The immediate access, the definition of classroom space, and the implementation of practices that were unusual for placed-based education can be considered the main impacts of online learning in classroom education. And the implications of introducing online learning in the traditional classroom are multiple, and affect the people (teacher and learner), the processes (teaching and learning), and the organizations.

The People.

Campus-based faculty need to be prepared to: develop new teaching approaches that will gain from the immediate access to information; be willing to give up control in order to empower the learners to exploration; create opportunities for collaboration that go beyond the classroom boundaries in time and space; develop some familiarity with the technology in use; and be open to learn from others, including colleagues or students (Bates, 2000; Palloff & Pratt, 2001).

Students also need to be prepared for the changes that occur in the classroom. They come to the traditional, campus-based classroom with the expectations that classroom interaction happens only within the physical boundaries of the classroom, and they may have limited skills in the use of technology.  Their previous learning experiences may not have prepared them for the “place-independent” (Harasim, 1990, p.60) learning that happens in the interaction with classmates or others who only participate via online communication and within a more flexible schedule than the rigid four-hours-per-week classroom meeting.

A successful implementation of online learning in the classroom requires training in technology and pedagogy; the development of a good support system, both academic and technical; and the availability of hardware and software for faculty and student use (Bates & Poole, 2003; Palloff & Pratt, 2001). Without satisfying these minimal conditions, the incorporation of online strategies in the classroom may be overlooked or have a negative impact on the experiences of the people involved.

The Process.

Traditional campus-based teaching and learning is making a shift to a new way of education. The mix of distance and place-bound educational strategies in the classroom has an effect on the processes of teaching and learning (Dziuban, Moskal, & Hartman, 2004, Kaye, 1990; Harasim, 1990). Teaching strategies imply collaboration with others that can help students, not just as content experts but as technology experts and as instructional designers. Learning is not limited to classroom interactions, and interactions are not limited to instructor-student, student-student, and student-materials; there is also an interaction with the interface (Hillman, Willis, & Gunawardena, 1994; Moore, 1989) and an active (and constantly transforming) pool of information and materials existent on the Web.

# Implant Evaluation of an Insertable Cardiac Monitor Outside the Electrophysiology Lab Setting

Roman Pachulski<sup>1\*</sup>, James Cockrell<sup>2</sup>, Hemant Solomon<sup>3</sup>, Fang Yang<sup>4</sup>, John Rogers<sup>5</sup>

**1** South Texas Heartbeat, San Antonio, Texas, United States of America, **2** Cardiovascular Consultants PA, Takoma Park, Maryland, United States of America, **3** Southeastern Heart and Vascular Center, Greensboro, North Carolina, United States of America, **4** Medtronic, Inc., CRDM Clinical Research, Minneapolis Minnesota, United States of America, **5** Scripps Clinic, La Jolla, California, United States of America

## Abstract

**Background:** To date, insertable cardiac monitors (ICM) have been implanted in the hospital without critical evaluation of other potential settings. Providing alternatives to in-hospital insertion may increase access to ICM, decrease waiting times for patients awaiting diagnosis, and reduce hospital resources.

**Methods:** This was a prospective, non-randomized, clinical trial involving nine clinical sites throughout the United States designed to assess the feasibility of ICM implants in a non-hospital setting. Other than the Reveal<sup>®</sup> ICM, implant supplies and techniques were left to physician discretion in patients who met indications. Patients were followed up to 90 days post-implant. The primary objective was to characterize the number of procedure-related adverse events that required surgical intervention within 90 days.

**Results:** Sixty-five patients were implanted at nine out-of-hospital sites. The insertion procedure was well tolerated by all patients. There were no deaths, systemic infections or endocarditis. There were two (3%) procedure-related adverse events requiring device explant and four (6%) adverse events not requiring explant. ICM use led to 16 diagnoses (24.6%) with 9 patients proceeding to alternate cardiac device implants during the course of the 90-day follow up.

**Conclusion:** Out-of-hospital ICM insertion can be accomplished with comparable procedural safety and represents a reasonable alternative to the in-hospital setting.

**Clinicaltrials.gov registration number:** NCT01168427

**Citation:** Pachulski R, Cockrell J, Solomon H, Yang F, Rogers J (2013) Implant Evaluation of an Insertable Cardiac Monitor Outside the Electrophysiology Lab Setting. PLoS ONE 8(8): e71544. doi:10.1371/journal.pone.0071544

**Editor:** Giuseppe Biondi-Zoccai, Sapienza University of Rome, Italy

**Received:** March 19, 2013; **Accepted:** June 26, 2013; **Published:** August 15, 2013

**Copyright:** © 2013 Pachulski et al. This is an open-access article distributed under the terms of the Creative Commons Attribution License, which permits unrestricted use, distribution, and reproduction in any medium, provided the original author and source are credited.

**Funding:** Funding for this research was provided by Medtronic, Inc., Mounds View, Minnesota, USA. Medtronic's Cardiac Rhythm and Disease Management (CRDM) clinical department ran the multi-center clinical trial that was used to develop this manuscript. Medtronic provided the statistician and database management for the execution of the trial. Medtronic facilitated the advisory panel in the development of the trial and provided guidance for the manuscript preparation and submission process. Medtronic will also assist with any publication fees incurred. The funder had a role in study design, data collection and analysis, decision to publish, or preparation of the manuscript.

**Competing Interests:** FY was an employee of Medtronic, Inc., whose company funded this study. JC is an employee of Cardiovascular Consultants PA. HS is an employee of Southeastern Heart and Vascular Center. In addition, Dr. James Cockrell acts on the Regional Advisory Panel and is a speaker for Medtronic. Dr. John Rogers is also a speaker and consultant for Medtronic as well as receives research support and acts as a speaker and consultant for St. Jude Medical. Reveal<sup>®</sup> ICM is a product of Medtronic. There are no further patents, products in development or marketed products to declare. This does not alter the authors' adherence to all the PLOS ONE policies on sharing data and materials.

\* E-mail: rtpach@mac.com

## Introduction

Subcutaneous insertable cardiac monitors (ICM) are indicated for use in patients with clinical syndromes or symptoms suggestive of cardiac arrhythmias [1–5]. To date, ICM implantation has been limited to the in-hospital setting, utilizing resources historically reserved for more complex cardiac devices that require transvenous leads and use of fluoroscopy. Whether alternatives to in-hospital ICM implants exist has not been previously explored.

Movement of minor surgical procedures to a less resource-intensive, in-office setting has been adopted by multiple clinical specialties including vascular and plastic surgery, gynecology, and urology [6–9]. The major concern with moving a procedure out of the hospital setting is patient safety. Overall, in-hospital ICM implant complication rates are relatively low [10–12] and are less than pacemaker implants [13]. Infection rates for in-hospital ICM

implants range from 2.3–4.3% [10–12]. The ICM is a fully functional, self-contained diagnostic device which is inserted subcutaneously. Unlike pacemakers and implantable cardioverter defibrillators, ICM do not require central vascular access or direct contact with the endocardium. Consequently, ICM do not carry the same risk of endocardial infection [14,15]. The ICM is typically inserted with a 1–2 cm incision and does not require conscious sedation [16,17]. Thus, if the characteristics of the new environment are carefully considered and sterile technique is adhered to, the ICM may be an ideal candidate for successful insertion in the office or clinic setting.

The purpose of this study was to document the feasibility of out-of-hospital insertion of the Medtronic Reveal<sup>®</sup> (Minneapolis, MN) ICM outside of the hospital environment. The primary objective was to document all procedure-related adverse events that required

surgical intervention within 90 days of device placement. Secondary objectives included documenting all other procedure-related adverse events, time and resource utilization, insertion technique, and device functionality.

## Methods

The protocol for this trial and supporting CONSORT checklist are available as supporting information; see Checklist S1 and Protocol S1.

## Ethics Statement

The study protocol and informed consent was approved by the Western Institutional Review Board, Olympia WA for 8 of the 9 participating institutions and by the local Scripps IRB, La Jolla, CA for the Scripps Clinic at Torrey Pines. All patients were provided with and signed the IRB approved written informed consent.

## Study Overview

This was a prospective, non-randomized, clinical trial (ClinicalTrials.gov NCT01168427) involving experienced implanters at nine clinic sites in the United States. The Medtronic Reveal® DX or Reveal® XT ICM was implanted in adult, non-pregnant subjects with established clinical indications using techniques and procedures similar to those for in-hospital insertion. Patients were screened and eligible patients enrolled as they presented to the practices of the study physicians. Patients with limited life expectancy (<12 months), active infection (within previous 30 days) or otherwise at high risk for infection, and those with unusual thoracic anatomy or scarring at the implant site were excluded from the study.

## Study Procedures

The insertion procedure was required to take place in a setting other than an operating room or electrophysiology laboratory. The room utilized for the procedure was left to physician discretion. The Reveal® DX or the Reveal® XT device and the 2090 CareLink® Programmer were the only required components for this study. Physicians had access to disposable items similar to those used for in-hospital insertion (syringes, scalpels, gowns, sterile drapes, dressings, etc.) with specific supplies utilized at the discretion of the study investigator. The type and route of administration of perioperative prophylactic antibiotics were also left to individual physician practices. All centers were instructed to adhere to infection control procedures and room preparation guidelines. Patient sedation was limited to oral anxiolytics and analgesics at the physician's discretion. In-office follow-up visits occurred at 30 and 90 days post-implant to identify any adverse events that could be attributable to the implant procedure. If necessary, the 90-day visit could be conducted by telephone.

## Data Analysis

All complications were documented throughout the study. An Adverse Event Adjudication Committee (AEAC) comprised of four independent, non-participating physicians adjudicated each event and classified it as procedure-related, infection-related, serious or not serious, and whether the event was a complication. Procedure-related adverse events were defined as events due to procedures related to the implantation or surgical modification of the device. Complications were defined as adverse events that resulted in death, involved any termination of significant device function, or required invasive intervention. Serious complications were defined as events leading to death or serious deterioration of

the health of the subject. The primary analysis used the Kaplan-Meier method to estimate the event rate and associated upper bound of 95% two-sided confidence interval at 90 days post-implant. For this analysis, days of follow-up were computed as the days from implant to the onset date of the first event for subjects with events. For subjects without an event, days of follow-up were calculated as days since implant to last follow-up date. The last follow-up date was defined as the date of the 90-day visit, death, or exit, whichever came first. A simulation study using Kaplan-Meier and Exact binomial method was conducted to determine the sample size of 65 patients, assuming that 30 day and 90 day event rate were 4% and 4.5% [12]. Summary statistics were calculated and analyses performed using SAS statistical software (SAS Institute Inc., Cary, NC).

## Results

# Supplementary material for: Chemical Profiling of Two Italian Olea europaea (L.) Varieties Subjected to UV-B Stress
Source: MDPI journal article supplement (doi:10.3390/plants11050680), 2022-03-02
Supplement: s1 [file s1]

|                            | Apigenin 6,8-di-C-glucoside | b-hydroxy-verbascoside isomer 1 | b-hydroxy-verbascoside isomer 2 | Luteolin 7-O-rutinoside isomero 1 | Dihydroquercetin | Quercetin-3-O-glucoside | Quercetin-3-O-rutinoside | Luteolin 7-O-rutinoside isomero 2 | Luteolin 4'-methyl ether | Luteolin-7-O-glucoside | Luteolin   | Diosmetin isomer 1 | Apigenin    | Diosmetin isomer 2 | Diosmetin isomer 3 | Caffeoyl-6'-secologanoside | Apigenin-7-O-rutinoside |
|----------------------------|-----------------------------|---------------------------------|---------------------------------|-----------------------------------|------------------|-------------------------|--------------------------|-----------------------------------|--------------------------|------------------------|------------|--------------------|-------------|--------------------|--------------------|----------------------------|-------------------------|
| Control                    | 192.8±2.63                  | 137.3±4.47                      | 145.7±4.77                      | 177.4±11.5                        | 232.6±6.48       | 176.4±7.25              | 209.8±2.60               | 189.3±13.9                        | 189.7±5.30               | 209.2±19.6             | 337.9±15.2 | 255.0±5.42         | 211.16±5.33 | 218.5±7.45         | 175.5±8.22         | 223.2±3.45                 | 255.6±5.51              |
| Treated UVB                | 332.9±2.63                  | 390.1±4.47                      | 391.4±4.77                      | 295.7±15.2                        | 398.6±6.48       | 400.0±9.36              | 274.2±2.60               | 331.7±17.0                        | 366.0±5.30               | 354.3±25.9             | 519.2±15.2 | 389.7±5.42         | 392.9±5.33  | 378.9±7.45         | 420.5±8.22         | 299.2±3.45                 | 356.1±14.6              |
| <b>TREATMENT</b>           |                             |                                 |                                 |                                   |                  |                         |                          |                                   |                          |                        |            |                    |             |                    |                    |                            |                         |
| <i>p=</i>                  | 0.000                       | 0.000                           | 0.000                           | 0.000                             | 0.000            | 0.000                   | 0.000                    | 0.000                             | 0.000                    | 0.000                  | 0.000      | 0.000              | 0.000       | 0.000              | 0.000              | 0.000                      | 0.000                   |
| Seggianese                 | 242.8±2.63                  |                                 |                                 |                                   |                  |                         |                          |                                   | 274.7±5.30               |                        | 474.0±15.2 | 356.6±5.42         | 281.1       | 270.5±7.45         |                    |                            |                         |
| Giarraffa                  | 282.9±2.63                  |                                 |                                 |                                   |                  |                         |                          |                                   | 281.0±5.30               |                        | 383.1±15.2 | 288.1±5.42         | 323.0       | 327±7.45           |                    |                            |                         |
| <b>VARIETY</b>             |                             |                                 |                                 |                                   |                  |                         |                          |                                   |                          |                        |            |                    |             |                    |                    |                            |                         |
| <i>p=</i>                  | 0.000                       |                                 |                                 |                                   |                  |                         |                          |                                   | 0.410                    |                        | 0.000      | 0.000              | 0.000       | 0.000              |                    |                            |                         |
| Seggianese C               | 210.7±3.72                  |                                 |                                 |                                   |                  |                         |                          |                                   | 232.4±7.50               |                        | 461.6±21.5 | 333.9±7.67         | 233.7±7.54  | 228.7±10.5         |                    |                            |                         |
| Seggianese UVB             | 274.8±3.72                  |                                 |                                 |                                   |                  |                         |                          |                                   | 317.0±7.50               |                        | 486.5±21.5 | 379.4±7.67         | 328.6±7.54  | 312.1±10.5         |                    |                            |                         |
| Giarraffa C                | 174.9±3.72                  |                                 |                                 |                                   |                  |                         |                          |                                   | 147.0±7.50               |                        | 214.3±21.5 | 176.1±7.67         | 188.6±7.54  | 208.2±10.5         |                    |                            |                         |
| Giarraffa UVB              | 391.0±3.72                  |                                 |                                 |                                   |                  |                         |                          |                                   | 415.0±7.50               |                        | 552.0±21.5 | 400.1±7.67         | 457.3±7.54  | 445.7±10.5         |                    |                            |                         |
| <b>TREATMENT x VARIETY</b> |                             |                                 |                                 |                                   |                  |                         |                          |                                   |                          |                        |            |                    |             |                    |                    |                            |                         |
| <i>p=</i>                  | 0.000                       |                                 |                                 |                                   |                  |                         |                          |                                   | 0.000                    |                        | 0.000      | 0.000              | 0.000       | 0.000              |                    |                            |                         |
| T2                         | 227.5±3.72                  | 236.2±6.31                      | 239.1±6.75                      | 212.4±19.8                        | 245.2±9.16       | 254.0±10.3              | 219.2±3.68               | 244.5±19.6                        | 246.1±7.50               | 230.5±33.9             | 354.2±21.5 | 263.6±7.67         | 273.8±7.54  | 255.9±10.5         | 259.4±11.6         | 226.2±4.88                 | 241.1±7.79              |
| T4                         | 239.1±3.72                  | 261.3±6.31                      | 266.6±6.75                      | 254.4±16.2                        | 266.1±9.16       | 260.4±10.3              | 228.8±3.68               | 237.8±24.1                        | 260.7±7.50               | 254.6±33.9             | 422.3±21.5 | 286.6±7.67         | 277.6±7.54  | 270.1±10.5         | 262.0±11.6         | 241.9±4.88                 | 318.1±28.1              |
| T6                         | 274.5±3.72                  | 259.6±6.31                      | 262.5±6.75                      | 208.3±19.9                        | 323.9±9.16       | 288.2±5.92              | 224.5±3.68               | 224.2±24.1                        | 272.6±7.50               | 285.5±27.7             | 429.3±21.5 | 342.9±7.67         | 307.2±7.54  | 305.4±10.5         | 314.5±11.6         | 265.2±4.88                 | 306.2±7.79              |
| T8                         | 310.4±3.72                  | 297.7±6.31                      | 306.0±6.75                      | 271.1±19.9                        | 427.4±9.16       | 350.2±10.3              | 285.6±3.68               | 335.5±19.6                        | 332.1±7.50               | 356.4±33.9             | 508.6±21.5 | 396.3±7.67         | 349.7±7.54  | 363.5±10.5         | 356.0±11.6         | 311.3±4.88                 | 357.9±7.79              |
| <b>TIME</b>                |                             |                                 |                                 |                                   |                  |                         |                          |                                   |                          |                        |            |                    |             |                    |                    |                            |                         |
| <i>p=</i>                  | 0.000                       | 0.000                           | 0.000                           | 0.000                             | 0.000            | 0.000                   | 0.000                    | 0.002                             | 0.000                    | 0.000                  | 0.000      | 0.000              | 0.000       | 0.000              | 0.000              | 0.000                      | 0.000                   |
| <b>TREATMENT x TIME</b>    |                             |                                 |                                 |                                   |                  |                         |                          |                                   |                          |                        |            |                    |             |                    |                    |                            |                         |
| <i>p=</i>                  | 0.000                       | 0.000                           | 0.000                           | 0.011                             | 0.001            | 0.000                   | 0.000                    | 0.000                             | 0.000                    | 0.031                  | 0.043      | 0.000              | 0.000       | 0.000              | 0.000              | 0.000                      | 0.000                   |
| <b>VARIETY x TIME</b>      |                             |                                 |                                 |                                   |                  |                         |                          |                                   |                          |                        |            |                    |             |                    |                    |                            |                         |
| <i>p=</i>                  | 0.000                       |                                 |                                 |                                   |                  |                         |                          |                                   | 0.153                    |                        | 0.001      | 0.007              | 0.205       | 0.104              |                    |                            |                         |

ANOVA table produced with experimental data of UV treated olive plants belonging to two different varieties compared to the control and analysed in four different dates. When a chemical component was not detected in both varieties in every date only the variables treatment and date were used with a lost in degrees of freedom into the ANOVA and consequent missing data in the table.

The Organization.

The adoption of online learning in classroom teaching will have implications for the educational organizations (Bates, 2000; Estabrook, 2002). Changes may include a) flexibility in schedules; b) availability of classroom space; c) incorporation of staff specialized in educational technologies and instructional design; d) shared decision-making in the selection of hardware, software, and infrastructure; e) issues of evaluation and assessment; f) concerns about faculty time and compensation systems; g) changes in program planning and development; and h) considerations of support, training, and development (Bates, 2000; Bates & Poole, 2003; Estabrook, 2002; Palloff & Pratt, 2001)